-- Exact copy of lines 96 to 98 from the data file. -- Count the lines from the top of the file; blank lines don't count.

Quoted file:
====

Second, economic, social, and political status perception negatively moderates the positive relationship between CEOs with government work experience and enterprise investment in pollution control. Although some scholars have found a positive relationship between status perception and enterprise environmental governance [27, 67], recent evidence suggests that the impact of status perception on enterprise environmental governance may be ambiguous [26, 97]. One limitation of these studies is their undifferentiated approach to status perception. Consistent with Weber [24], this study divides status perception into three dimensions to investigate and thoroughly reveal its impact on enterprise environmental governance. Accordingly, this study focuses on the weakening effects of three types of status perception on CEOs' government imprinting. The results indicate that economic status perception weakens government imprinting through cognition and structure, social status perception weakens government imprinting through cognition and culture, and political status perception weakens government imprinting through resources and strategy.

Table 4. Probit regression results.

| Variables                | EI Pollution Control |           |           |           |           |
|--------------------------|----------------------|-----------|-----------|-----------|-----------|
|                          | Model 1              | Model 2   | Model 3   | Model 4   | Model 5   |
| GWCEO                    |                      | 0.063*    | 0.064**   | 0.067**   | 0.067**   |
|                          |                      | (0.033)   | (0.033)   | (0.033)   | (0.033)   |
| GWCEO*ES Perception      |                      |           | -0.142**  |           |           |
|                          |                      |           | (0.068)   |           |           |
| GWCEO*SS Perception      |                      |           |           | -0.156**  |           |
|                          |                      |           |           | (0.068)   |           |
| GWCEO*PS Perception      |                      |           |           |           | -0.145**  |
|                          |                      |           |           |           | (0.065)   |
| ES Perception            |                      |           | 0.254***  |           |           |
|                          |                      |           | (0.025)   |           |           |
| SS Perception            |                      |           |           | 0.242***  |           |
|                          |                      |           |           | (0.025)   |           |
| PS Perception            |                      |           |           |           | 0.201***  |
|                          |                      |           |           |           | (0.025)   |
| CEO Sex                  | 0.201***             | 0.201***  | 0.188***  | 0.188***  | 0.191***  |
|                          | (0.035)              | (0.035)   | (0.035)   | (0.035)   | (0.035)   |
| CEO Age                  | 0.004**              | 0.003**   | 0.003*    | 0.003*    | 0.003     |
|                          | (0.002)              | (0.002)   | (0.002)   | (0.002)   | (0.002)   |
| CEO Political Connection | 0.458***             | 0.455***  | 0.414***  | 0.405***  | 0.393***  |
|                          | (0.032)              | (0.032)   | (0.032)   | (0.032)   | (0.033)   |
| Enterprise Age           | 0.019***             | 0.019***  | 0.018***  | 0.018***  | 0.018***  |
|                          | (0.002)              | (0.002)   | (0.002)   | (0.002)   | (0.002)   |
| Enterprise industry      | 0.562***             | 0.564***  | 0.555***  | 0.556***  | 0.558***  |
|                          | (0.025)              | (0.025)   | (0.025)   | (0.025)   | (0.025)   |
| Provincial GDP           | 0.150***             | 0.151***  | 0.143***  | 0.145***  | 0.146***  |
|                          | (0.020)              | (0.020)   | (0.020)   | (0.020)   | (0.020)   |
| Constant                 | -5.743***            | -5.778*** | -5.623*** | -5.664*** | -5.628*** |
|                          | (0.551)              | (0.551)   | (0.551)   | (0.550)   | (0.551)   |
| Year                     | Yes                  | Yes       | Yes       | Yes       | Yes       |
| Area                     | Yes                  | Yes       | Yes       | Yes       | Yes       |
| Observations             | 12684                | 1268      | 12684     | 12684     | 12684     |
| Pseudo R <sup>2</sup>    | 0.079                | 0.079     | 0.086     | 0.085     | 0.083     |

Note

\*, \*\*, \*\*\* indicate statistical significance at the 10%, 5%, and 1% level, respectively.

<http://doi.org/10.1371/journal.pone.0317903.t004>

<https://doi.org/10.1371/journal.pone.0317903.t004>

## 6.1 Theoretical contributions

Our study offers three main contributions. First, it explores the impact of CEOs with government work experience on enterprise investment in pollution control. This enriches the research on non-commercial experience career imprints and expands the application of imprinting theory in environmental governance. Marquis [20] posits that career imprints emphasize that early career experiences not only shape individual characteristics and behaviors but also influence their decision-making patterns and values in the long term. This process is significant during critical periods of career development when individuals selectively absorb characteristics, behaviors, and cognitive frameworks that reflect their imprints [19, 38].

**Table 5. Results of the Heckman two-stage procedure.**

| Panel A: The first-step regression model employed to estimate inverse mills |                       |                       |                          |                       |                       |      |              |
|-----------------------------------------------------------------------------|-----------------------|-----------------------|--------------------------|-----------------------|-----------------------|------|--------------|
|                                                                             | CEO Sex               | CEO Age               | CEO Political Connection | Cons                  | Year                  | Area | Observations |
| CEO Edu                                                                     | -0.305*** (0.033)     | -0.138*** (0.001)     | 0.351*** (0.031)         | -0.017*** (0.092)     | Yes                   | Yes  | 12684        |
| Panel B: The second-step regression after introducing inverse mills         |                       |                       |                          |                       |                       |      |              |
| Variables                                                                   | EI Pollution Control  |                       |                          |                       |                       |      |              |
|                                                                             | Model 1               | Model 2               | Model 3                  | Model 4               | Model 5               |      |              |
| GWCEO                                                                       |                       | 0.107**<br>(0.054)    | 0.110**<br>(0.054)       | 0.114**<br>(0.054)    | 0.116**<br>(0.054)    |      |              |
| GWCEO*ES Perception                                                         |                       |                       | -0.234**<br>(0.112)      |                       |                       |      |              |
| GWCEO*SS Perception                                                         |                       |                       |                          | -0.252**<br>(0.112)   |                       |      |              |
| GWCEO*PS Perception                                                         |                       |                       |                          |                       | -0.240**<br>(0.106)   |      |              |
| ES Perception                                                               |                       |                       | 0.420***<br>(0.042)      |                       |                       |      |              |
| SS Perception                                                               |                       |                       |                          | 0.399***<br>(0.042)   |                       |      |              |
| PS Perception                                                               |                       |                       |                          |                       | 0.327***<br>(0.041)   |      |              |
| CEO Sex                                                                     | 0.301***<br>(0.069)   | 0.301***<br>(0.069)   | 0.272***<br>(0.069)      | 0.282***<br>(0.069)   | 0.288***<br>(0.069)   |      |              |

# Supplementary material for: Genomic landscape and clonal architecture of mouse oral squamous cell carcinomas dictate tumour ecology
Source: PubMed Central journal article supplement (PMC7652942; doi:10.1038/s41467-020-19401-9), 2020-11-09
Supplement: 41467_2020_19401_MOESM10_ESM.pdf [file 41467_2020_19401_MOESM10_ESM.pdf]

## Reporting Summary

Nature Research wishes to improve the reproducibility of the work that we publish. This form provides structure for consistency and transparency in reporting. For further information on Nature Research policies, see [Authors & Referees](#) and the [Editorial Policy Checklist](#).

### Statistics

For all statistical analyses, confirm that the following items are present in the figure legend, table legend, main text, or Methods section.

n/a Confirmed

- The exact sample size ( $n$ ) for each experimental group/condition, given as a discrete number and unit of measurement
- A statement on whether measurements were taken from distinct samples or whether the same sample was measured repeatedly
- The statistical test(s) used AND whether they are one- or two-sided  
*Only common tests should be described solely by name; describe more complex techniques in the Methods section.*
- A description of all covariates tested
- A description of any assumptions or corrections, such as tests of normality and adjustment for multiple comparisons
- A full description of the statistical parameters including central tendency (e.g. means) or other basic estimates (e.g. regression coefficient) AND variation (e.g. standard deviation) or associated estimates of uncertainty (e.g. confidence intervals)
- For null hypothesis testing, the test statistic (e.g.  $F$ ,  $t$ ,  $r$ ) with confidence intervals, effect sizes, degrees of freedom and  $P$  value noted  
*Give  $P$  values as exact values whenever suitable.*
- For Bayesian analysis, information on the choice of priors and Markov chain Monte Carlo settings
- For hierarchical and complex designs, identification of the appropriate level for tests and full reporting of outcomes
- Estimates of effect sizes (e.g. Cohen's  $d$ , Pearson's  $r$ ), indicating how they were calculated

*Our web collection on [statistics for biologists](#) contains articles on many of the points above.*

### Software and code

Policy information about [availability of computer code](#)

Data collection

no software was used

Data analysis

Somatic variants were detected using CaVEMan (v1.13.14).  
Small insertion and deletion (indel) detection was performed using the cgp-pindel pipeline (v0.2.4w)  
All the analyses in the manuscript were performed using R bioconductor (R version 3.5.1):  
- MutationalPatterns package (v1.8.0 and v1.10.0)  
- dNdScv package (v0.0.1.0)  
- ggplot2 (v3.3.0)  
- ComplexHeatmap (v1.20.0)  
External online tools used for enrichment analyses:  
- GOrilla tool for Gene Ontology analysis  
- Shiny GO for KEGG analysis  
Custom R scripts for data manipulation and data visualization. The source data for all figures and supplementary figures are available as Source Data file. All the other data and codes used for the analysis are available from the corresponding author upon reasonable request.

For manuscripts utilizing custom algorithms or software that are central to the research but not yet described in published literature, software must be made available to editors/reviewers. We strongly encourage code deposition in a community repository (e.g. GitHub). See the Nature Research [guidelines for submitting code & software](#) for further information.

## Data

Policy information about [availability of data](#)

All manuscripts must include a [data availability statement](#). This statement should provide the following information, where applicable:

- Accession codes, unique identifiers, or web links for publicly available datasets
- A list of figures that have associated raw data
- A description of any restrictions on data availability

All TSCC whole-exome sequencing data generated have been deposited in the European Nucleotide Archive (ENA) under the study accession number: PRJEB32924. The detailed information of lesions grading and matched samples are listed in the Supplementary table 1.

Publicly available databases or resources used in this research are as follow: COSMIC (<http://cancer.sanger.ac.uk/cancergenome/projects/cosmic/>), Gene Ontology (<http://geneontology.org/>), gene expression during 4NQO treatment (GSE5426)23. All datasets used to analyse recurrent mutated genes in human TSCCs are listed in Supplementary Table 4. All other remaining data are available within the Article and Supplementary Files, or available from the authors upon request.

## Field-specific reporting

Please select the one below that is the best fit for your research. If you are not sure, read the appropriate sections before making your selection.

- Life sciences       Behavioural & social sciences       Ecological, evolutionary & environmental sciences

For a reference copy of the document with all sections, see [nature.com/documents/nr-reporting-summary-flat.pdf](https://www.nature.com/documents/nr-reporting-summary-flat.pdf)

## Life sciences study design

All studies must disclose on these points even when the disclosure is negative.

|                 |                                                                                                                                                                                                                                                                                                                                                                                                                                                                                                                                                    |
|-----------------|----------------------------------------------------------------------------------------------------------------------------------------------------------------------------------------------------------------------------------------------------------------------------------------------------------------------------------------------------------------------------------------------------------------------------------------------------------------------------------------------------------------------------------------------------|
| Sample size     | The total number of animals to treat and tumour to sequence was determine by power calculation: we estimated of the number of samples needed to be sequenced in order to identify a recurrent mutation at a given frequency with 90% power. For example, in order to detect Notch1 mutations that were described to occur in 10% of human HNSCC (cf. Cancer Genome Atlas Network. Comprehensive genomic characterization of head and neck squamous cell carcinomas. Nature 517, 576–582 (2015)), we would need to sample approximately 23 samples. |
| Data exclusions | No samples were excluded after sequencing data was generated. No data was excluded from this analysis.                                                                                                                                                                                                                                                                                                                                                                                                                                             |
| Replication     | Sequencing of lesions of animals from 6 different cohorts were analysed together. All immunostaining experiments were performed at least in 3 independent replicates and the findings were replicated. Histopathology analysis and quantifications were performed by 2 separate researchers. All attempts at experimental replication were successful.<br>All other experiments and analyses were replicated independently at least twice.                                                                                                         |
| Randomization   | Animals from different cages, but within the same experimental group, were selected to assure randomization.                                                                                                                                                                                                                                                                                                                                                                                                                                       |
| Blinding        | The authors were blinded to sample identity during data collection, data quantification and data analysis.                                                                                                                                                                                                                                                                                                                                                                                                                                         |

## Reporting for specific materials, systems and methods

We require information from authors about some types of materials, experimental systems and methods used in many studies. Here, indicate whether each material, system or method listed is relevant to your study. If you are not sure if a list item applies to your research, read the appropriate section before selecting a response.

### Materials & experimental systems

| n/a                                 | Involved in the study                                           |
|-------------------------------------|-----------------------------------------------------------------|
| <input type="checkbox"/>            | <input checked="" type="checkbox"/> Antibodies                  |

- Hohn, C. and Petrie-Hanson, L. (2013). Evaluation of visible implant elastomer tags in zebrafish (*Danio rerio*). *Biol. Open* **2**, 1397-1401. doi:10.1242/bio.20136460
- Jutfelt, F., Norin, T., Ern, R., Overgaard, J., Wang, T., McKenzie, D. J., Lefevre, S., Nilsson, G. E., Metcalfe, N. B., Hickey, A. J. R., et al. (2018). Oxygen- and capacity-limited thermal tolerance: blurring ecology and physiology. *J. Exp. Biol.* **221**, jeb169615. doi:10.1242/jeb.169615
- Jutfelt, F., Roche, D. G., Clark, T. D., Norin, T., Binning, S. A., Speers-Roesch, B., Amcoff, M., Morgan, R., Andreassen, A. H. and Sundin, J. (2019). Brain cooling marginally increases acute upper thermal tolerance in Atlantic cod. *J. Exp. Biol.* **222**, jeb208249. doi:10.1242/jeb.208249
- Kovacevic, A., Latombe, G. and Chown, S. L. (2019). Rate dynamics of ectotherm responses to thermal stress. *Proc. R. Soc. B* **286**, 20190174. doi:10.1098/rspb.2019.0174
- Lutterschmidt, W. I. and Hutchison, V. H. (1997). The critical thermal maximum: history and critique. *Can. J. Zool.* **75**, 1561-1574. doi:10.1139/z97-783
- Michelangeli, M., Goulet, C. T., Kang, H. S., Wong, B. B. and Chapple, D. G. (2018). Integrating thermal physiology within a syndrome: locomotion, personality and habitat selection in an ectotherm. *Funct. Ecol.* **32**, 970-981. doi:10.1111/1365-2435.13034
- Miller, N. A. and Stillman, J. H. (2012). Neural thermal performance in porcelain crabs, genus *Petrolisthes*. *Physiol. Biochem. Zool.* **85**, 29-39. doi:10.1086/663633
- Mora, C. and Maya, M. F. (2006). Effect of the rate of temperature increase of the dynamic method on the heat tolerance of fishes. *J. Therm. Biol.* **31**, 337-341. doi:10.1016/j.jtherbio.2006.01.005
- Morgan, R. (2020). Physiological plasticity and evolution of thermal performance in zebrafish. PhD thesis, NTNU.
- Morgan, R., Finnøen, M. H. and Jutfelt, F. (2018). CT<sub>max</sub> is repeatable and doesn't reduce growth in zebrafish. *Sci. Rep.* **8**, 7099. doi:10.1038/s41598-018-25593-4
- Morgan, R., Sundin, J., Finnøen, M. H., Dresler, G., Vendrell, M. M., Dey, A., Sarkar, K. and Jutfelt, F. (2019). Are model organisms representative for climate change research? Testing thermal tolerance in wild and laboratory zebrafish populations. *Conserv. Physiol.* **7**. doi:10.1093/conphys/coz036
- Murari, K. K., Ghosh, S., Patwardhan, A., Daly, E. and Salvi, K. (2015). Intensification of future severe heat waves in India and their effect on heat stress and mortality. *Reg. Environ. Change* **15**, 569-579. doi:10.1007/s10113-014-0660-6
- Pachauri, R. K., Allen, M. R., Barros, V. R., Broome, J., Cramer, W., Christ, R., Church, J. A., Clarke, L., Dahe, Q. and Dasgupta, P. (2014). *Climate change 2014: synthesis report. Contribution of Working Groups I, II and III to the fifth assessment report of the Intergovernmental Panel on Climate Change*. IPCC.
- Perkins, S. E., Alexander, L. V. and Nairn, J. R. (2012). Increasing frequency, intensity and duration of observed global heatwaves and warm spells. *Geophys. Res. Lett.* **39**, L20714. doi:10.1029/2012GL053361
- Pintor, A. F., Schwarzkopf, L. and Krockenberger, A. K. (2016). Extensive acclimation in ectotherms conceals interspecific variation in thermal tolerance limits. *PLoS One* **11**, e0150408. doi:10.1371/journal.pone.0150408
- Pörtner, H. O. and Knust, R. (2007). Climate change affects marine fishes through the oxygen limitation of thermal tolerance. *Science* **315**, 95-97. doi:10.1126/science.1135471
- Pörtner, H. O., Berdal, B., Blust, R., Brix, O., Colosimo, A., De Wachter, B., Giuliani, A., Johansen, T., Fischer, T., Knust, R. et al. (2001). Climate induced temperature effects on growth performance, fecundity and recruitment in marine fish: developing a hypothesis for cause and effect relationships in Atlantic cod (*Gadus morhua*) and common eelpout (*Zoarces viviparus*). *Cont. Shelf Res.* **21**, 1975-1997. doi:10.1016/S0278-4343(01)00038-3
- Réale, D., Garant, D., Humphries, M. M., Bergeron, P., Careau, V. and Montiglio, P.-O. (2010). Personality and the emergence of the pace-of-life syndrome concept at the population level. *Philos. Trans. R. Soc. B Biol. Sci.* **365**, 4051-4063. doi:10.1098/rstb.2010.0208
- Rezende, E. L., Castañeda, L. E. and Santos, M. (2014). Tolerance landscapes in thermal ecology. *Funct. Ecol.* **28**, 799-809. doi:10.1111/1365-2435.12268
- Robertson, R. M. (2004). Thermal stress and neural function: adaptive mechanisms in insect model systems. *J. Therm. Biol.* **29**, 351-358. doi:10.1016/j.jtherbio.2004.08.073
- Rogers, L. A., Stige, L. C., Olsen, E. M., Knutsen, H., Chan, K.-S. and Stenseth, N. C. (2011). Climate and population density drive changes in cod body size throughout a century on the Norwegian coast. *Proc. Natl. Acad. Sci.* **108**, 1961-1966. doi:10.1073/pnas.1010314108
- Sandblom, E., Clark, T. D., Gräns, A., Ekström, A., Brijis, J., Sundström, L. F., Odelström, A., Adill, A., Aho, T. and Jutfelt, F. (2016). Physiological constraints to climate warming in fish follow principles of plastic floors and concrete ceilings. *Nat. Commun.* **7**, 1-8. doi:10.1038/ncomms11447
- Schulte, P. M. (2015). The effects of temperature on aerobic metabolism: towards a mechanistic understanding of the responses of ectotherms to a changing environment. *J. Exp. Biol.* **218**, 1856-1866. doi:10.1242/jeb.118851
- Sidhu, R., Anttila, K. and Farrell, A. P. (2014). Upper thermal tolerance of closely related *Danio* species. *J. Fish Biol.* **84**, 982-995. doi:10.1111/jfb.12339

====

Custom R scripts for data manipulation and data visualization. The source data for all figures and supplementary figures are available as Source Data file. All the other data and codes used for the analysis are available from the corresponding author upon reasonable request.

For manuscripts utilizing custom algorithms or software that are central to the research but not yet described in published literature, software must be made available to editors/reviewers. We strongly encourage code deposition in a community repository (e.g. GitHub). See the Nature Research [guidelines for submitting code & software](#) for further information.

## Data